Marijuana (Cannabis sativa) is the most commonly used illicit drug in the USA, and the use of DNA barcodes could assist drug trafficking investigations by indicating the biogeographical origin and crop type of a sample and providing a means for linking cases. Additionally, the legality of marijuana in the USA remains complicated with some states fully legalizing marijuana for recreational use while federally marijuana remains completely illegal. Massively parallel sequencing (MPS) offers distinct advantages over capillary electrophoresis (CE), including more comprehensive coverage of target loci, analysis of hundreds of markers simultaneously, and high throughput capabilities.
This study reports on the development of a MiSeq FGx® assay targeting seven “hotspot” regions in the Cannabis sativa chloroplast genome that are highly polymorphic and informative in attempts to determine biogeographical origin and distinguishing between marijuana and hemp. Sequencing results were compared to previous studies that used CE-based genotyping methods.
A total of 49 polymorphisms were observed, 16 of which have not been previously reported. Additionally, sequence data revealed isoalleles at one locus, which were able to differentiate two samples that had the same haplotype using CE-based methods. This study reports preliminary results from sequencing 14 hemp and marijuana samples from different countries using the developed MPS assay.
Future studies should genotype a more comprehensive sample set from around the world to build a haplotype database, which could be used to provide investigative leads for law enforcement agencies investigating marijuana trafficking.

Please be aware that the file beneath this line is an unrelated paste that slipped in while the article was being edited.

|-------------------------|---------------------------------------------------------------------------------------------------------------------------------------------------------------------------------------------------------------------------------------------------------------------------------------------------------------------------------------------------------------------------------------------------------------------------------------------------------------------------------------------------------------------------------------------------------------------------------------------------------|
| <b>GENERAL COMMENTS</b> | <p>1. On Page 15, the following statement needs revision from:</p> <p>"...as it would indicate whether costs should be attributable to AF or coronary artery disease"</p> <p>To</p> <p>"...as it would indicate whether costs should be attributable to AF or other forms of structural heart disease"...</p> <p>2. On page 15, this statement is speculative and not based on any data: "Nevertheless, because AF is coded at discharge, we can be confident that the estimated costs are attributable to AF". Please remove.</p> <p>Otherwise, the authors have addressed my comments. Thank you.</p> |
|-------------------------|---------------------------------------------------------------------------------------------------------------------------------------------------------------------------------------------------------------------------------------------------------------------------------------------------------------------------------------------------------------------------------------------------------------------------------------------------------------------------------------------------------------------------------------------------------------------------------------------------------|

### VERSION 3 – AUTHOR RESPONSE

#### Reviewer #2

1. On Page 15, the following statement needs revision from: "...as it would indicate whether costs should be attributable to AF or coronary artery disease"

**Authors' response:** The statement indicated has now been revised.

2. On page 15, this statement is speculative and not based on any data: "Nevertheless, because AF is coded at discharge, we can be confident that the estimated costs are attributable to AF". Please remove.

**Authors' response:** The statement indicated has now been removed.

Massively parallel sequencing (MPS), also called next generation sequencing (NGS), is a high throughput technique capable of collecting DNA sequence data from multiple targets and multiple samples in parallel. It offers several distinct advantages over traditional DNA typing using capillary electrophoresis (CE), including providing more comprehensive coverage of target markers (sequence data in addition to length) and the ability to analyze hundreds or thousands of targets at a time (Bruijns et al. 2018; Moorthie et al. 2011), compared to only about 25 loci by CE for a five-dye short tandem repeat (STR) kit (Lazaruk et al. 1998). Sequence data may elucidate isoalleles, alleles which have the same length and appear identical on CE but actually have different sequences, leading to more discriminatory results. Isoalleles may differ in their repeat structure or contain variants in the flanking regions, and the International Society of Forensic Genetics (ISFG) has reported guidelines to standardize the nomenclature for these sequence variable alleles (Parson et al. 2016). Costs and run times associated with MPS have dropped substantially, making targeted MPS assays a cost-effective approach for characterizing samples for genetic individualization or identification (Moorthie et al. 2011).